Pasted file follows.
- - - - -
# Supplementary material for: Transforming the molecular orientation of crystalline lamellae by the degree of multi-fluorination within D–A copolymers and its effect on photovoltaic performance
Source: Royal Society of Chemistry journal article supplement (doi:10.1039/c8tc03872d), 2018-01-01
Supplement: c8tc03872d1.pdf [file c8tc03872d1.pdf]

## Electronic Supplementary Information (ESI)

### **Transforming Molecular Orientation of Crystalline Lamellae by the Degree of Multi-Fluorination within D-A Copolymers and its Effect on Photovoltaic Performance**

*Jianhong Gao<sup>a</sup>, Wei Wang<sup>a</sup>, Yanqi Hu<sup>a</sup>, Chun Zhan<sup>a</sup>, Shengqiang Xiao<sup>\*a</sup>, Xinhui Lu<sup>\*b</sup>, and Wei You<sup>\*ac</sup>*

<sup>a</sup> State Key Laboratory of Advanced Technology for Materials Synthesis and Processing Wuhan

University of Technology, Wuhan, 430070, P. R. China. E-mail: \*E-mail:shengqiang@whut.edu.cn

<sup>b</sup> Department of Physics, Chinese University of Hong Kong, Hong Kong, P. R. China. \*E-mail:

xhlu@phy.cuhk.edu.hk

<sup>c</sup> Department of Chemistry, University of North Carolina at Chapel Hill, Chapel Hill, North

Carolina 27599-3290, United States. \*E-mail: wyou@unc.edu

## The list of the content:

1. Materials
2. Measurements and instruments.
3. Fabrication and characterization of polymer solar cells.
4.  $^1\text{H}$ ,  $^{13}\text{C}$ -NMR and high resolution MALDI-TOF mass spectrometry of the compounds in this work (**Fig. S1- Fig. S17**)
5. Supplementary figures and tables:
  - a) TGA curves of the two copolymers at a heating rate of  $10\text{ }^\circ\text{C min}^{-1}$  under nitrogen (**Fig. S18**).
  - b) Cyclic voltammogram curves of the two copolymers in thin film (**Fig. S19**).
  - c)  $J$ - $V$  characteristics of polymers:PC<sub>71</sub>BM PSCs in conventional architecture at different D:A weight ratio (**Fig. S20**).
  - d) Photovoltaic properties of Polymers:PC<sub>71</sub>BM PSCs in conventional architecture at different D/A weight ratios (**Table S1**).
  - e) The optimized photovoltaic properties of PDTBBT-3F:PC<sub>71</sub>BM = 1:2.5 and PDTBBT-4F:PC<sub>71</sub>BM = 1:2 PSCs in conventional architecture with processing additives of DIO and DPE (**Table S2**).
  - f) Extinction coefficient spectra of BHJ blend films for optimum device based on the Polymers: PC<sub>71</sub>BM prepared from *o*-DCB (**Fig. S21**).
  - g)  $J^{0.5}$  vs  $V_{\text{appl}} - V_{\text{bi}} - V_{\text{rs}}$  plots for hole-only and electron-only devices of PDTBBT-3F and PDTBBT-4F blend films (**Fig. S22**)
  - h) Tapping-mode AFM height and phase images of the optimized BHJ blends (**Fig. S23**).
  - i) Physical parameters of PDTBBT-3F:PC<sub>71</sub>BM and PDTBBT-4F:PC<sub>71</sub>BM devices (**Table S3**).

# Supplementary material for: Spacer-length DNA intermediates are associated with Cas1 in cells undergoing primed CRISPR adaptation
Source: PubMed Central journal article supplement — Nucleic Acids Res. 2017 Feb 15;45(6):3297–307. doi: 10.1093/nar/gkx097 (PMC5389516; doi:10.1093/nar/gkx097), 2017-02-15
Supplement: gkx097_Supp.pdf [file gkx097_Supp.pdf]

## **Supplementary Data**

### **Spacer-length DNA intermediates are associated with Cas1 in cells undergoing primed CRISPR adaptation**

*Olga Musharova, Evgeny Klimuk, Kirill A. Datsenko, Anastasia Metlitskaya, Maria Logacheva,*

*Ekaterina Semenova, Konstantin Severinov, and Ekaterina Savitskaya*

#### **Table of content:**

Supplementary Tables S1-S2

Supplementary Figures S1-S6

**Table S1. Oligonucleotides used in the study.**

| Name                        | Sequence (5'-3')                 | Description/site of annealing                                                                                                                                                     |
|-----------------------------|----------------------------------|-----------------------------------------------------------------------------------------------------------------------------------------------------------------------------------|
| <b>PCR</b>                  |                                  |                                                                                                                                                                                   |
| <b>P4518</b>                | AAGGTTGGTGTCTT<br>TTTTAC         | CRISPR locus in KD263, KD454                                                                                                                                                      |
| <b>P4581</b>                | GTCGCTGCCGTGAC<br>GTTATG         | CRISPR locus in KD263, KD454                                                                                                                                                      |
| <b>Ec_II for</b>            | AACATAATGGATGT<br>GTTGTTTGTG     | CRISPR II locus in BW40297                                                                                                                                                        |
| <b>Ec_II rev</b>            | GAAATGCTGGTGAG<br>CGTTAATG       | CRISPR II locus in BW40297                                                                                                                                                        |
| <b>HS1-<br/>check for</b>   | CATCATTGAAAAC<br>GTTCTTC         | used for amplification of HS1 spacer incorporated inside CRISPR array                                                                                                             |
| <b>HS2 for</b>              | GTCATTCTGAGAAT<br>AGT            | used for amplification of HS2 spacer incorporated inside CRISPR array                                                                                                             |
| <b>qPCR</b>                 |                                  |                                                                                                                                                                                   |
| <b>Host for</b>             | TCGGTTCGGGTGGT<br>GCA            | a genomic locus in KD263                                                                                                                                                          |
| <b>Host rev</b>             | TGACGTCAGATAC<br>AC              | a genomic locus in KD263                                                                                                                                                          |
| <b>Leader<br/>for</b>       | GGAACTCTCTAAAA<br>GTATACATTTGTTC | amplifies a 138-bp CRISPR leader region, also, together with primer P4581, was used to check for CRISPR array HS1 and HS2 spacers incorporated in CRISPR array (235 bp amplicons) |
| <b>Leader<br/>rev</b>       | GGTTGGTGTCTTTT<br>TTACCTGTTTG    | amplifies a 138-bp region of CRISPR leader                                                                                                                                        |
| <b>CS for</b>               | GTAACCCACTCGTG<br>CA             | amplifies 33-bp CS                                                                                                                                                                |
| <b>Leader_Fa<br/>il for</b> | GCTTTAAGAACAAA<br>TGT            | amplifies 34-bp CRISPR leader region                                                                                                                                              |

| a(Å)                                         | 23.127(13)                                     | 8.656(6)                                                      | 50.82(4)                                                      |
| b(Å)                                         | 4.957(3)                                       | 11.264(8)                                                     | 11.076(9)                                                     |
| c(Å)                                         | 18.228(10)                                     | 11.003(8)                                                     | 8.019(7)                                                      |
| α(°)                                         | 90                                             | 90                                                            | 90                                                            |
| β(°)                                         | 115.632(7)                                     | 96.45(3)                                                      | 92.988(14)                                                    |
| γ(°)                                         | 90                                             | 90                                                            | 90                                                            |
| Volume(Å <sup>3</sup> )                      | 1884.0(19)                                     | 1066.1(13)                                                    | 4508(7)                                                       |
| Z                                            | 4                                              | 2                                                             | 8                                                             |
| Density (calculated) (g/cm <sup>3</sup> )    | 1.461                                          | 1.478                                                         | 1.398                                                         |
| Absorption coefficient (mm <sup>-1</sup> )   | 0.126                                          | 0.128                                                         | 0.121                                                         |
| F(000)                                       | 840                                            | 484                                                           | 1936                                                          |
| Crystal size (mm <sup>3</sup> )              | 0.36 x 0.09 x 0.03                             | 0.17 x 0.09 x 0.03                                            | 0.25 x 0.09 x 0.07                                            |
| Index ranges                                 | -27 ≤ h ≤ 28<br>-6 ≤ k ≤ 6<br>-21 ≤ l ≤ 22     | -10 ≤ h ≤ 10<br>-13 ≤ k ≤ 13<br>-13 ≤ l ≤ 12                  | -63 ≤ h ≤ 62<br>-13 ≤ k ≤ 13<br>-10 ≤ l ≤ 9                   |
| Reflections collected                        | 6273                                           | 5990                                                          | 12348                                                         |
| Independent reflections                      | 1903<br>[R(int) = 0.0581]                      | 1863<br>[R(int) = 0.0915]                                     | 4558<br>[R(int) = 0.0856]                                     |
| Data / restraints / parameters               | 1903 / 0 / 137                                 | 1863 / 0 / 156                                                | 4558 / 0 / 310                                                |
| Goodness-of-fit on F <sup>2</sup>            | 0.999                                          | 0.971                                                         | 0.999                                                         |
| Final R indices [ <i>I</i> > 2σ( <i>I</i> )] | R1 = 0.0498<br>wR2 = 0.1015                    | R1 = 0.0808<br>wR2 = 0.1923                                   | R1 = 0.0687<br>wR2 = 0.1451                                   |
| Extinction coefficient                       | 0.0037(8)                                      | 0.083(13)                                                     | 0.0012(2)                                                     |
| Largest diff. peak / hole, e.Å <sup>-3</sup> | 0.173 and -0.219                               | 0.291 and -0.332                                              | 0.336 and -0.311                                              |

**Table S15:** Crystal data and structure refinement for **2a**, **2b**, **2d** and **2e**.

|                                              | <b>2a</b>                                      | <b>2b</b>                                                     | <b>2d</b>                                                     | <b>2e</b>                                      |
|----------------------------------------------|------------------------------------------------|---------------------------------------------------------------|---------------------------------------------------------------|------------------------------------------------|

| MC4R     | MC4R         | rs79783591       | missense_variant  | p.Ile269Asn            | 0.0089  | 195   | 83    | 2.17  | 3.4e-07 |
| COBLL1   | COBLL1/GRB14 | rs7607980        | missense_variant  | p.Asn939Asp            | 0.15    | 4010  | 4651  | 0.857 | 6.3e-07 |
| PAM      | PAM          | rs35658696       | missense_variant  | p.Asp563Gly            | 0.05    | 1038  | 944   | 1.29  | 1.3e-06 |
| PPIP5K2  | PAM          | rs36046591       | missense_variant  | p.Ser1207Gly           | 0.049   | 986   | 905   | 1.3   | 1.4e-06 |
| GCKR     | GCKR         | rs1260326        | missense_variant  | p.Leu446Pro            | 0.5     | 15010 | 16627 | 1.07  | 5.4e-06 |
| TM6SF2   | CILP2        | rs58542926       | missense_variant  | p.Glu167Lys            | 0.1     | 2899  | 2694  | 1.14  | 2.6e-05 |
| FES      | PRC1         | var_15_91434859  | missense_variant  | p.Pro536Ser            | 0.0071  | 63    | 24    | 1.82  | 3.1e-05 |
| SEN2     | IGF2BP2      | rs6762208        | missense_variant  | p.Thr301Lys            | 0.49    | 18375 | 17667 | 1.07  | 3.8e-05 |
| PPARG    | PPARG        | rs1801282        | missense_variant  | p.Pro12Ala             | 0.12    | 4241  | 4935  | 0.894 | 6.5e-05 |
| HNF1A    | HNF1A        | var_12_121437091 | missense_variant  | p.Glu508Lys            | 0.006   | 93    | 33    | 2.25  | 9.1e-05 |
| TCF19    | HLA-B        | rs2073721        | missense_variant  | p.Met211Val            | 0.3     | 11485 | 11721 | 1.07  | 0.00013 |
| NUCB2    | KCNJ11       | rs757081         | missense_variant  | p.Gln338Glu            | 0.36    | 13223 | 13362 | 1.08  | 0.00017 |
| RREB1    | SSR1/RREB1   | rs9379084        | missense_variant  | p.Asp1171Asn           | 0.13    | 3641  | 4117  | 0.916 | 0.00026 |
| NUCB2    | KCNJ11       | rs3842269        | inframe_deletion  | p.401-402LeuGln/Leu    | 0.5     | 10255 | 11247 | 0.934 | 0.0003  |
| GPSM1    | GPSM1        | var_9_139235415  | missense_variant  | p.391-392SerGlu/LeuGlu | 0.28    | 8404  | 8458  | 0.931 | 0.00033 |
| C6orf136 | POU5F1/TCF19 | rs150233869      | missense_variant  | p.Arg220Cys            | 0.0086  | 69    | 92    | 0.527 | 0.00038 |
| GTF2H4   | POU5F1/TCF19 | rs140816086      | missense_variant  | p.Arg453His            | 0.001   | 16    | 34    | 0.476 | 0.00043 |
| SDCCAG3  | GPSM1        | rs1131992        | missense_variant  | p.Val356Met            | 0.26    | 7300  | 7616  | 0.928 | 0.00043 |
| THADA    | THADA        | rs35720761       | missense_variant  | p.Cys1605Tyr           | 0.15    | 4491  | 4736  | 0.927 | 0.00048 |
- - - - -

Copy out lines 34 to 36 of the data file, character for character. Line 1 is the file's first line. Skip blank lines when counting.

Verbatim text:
*Ekaterina Semenova, Konstantin Severinov, and Ekaterina Savitskaya*

#### **Table of content:**

Supplementary Tables S1-S2